How David Shaw isn’t a pipe dream seems insane. Attendance problems and salary are nice bullets to throw out there, but the natural more for Shaw is the NFL. He has experience there as an assistant, he coaches a pro style offense and his predecessor had success1. Why would Shaw leave a top 20 program for a team that can’t even compete in their division? Just for money? Shaw will either be at Stanford or in the NFL five years from now. No question.

Butch Jones on the other hand, is where things finally start to make sense. Jones is from Michigan, and was both a assistant and head coach at Central Michigan. He is in year two at Tennessee, and has looked just OK so far. Would he want to jump ship after just two seasons in the SEC? Hard to say. The SEC East is solid, and Tennessee is probably currently not in the top tier with Florida, Georgia, South Carolina and Missouri.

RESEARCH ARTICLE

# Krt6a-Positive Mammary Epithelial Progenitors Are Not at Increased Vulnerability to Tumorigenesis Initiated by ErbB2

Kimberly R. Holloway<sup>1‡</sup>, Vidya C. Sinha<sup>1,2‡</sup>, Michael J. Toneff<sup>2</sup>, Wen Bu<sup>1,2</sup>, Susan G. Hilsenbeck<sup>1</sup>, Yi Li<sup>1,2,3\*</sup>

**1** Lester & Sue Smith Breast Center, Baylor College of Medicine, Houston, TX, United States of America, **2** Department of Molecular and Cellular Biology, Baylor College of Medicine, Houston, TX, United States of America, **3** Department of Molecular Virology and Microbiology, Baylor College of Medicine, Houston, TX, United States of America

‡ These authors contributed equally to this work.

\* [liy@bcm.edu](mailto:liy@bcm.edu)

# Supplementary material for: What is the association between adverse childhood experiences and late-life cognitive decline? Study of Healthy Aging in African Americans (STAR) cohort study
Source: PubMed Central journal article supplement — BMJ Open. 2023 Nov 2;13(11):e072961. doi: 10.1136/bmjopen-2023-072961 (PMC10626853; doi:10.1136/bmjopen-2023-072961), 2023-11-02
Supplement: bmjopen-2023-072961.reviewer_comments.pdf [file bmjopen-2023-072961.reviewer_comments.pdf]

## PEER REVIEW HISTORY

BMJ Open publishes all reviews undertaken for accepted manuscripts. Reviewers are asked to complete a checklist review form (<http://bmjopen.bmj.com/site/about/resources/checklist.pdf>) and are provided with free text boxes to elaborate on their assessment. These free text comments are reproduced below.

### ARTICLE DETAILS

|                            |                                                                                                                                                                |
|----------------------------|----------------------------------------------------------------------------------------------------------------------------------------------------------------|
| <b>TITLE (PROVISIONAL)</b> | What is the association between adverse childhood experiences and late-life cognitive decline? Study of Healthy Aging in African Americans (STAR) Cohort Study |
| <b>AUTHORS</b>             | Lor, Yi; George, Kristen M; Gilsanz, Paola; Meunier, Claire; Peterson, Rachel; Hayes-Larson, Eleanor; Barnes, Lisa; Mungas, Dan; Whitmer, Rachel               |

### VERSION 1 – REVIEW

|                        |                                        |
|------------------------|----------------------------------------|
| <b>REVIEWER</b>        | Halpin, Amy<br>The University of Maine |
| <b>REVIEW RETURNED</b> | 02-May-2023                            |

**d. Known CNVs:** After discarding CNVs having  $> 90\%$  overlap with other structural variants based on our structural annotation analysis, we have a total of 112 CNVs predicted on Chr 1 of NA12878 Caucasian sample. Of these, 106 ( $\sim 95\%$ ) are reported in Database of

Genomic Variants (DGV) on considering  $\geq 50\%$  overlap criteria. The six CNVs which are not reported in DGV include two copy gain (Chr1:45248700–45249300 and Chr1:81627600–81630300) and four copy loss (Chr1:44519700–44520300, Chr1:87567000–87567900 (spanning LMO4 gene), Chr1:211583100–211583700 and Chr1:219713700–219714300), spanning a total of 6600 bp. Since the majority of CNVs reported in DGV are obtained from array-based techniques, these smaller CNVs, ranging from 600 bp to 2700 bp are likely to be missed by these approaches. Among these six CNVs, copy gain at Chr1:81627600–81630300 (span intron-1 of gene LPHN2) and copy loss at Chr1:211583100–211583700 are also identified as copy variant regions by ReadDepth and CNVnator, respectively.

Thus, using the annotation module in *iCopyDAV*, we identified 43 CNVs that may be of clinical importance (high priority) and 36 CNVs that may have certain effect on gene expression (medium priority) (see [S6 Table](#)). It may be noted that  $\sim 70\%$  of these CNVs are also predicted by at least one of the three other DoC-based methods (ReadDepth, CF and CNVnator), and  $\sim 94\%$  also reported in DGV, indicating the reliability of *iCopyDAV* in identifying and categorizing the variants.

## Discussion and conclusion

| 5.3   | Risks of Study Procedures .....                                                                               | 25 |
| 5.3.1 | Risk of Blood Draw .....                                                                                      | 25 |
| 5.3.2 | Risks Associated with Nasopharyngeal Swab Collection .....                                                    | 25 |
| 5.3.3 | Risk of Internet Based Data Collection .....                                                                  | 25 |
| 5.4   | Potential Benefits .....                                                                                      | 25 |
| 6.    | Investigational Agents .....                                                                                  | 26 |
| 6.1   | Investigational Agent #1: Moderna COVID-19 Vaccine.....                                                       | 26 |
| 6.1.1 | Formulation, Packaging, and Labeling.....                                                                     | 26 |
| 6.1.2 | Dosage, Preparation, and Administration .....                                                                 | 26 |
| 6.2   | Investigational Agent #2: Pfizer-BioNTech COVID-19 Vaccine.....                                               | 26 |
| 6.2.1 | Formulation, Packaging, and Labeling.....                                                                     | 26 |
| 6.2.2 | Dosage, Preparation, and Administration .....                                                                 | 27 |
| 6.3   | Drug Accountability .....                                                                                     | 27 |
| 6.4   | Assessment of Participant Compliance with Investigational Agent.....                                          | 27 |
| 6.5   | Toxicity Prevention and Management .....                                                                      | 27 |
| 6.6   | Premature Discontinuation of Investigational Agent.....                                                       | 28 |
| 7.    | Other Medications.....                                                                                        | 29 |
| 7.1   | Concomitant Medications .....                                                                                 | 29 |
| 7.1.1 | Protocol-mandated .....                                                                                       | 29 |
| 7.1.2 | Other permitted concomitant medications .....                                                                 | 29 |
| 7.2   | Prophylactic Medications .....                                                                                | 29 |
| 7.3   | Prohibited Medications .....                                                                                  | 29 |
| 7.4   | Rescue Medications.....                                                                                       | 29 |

Kevin Wilson was an interesting name to throw out. It shows how far Michigan has fallen (more on that in a moment) that they would consider an Indiana coach that has not had tons of success. This one doesn’t make much sense at all.

Jones is the only name on this listen that seems truly realistic. That must be a blow to Michigan fans. When they lured Rich Rodriguez from West Virginia, after he had already turned down Alabama, it seemed like a coup. Michigan would return to glory soon, with one of the best coaches in the country. Everyone knows how that ended. When Brady Hoke was hired, he was not an a-list candidate. The program has dropped much further down the pecking order since then. There is no reason to believe that an A-list coach (Shaw, Gundy) is coming now.

Cook knows what he is doing, and this list is no doubt to just cover bases. No one on this list seems too real. Even if Michigan fans don’t want to accept it, no A-list guy is walking through that door. More likely the real candidates will come in part 2 (or three).

  1. Even though Harbaugh has had some issues, they are mostly personality related, something that doesn’t really apply to Shaw []